A slot is an opening in something that allows for a certain size or type of item to be put in. For example, a letter fits easily into a mailbox slot or postcards fit well in the slots at the post office. A slot also refers to a position within a group, series, sequence, or job.
A slot in a computer can be a memory area where information is stored temporarily for execution or to free up space for other purposes. It can also be a place where data is transferred to and from a disk. The term is also used to describe a position in a bus configuration.
When playing slot games, players place cash or, in “ticket-in, ticket-out” machines, a paper ticket with a barcode into a slot on the machine to activate it and spin the reels. When the symbols line up in a winning combination according to the pay table, the player receives credits. Symbols vary from game to game, but classic symbols include fruit and stylized lucky sevens. Most slot games are themed, and bonus features are often aligned with that theme.
In aviation, a slot is an allocated time for a plane to fly through an air traffic control region. This is particularly important in areas of high congestion, such as at large airports. The use of slots has led to significant savings in delays and fuel burn.
Slots are also important in sports, as they allow teams to deploy more defensive backs. These are players who can cover shorter routes than traditional cornerbacks, such as slants and quick outs. In addition, they can help stretch the defense vertically. For these reasons, slot receivers are becoming more prevalent in the NFL.
The pay tables in slot games provide vital information about the symbols, payouts, prizes, jackpots and other important factors that affect a player’s chances of winning. They are often displayed on the screen of a machine, along with the game’s rules. Depending on the complexity of a slot, its pay table may be split into several pages or slides.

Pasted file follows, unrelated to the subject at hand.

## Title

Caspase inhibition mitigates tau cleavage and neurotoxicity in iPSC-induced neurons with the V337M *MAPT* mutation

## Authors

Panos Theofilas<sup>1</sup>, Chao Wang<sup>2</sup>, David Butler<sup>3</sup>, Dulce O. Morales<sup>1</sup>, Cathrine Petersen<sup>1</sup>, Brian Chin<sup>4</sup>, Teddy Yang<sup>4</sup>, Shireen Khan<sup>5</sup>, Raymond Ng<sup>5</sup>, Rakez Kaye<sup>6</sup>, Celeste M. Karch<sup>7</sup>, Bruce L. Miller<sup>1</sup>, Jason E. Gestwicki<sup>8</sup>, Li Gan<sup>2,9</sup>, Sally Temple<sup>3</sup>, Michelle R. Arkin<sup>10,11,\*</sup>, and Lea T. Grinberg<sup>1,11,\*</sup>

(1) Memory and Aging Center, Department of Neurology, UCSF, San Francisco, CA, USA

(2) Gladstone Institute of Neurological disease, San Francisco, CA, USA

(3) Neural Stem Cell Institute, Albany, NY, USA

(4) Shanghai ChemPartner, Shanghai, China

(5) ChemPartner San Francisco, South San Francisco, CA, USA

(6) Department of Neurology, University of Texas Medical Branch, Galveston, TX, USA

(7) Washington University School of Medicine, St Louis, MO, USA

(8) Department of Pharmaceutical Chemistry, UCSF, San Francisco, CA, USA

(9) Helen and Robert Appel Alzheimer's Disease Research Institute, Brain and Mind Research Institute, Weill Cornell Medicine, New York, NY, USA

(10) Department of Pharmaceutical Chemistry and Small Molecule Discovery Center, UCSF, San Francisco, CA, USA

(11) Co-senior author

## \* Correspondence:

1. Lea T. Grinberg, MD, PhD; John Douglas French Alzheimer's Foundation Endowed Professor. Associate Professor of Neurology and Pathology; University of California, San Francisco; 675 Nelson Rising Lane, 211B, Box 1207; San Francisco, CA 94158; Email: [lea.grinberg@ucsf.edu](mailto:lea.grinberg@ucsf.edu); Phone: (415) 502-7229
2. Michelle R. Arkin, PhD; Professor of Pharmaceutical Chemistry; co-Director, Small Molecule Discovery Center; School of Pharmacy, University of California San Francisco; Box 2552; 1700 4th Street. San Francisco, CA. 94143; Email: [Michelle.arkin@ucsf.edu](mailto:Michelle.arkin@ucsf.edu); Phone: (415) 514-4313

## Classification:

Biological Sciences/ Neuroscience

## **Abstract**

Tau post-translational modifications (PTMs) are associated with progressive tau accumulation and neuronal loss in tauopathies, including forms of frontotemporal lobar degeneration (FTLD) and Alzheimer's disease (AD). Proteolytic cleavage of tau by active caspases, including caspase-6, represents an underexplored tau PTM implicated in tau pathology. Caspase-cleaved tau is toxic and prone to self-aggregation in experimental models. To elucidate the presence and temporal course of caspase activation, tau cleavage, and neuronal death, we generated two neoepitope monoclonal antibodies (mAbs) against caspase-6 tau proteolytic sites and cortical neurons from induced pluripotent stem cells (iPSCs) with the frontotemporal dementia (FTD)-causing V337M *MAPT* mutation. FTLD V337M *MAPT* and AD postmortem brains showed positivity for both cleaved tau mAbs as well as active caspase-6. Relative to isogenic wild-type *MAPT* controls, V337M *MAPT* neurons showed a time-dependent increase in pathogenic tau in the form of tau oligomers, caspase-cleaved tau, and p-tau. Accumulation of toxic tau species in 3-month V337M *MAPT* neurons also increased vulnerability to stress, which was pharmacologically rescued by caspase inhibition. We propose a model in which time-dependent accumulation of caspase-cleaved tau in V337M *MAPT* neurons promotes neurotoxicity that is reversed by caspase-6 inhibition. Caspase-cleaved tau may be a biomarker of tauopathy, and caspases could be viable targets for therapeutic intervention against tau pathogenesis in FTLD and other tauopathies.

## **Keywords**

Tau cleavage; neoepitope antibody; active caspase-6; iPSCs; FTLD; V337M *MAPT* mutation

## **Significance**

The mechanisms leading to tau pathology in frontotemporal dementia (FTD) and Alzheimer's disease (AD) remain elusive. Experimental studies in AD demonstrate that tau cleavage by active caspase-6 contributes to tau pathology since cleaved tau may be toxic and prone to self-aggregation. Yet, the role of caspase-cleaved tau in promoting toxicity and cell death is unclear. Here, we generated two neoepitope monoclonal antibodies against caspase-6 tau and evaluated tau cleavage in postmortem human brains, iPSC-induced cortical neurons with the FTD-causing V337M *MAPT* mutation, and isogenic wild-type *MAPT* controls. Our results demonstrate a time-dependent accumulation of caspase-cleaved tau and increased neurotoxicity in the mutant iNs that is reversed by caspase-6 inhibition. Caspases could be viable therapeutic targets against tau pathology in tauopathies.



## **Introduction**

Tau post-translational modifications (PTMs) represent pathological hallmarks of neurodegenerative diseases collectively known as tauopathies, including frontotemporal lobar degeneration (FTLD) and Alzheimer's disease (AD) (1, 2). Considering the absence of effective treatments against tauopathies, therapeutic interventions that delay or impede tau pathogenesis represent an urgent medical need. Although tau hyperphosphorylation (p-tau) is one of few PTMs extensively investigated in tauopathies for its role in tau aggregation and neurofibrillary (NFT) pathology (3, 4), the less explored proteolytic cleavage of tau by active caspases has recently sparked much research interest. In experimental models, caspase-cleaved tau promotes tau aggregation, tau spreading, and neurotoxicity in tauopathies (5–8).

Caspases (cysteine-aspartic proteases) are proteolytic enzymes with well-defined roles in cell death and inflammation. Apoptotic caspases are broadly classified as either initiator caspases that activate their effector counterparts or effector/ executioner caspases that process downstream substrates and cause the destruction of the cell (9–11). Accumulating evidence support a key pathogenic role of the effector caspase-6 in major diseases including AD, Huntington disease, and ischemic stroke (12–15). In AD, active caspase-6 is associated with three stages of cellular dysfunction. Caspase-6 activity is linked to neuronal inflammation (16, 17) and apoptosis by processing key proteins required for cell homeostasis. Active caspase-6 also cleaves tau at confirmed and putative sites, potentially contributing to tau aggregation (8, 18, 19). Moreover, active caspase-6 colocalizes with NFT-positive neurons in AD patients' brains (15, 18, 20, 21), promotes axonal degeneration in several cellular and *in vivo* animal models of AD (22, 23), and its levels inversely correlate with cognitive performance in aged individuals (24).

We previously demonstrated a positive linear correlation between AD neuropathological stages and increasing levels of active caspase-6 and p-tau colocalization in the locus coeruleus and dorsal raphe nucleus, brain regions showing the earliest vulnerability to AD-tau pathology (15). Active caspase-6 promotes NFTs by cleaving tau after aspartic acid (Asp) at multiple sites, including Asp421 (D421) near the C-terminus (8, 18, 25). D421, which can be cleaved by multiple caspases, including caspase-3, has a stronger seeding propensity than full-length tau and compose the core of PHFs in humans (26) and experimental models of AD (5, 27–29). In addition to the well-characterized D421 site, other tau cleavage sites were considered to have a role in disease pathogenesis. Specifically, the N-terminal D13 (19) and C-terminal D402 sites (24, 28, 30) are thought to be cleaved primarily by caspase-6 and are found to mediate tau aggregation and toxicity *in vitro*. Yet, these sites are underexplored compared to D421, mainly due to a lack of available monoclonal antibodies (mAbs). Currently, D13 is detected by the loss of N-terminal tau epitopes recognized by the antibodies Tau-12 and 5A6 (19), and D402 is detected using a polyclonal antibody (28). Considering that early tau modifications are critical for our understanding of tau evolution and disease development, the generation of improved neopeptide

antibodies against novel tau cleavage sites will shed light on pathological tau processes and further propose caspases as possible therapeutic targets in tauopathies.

The pay tables in slot games are designed to be easy to read and understand. They are typically designed to match the overall theme of a game and feature different colors, graphics and animations. In addition, they will usually indicate the number of paylines and how they work. Some slots offer adjustable paylines while others have fixed paylines. In general, the more paylines a slot game has, the higher its chances of winning. However, it’s important to remember that just because a horizontal line of matching symbols appears on the reels doesn’t necessarily mean that you’ll win. In fact, the odds of landing on a winning payline are very low. This is why it’s crucial to read the pay table before playing. It will help you determine if the slot you’re playing is worth your time and money. It will also help you avoid making costly mistakes.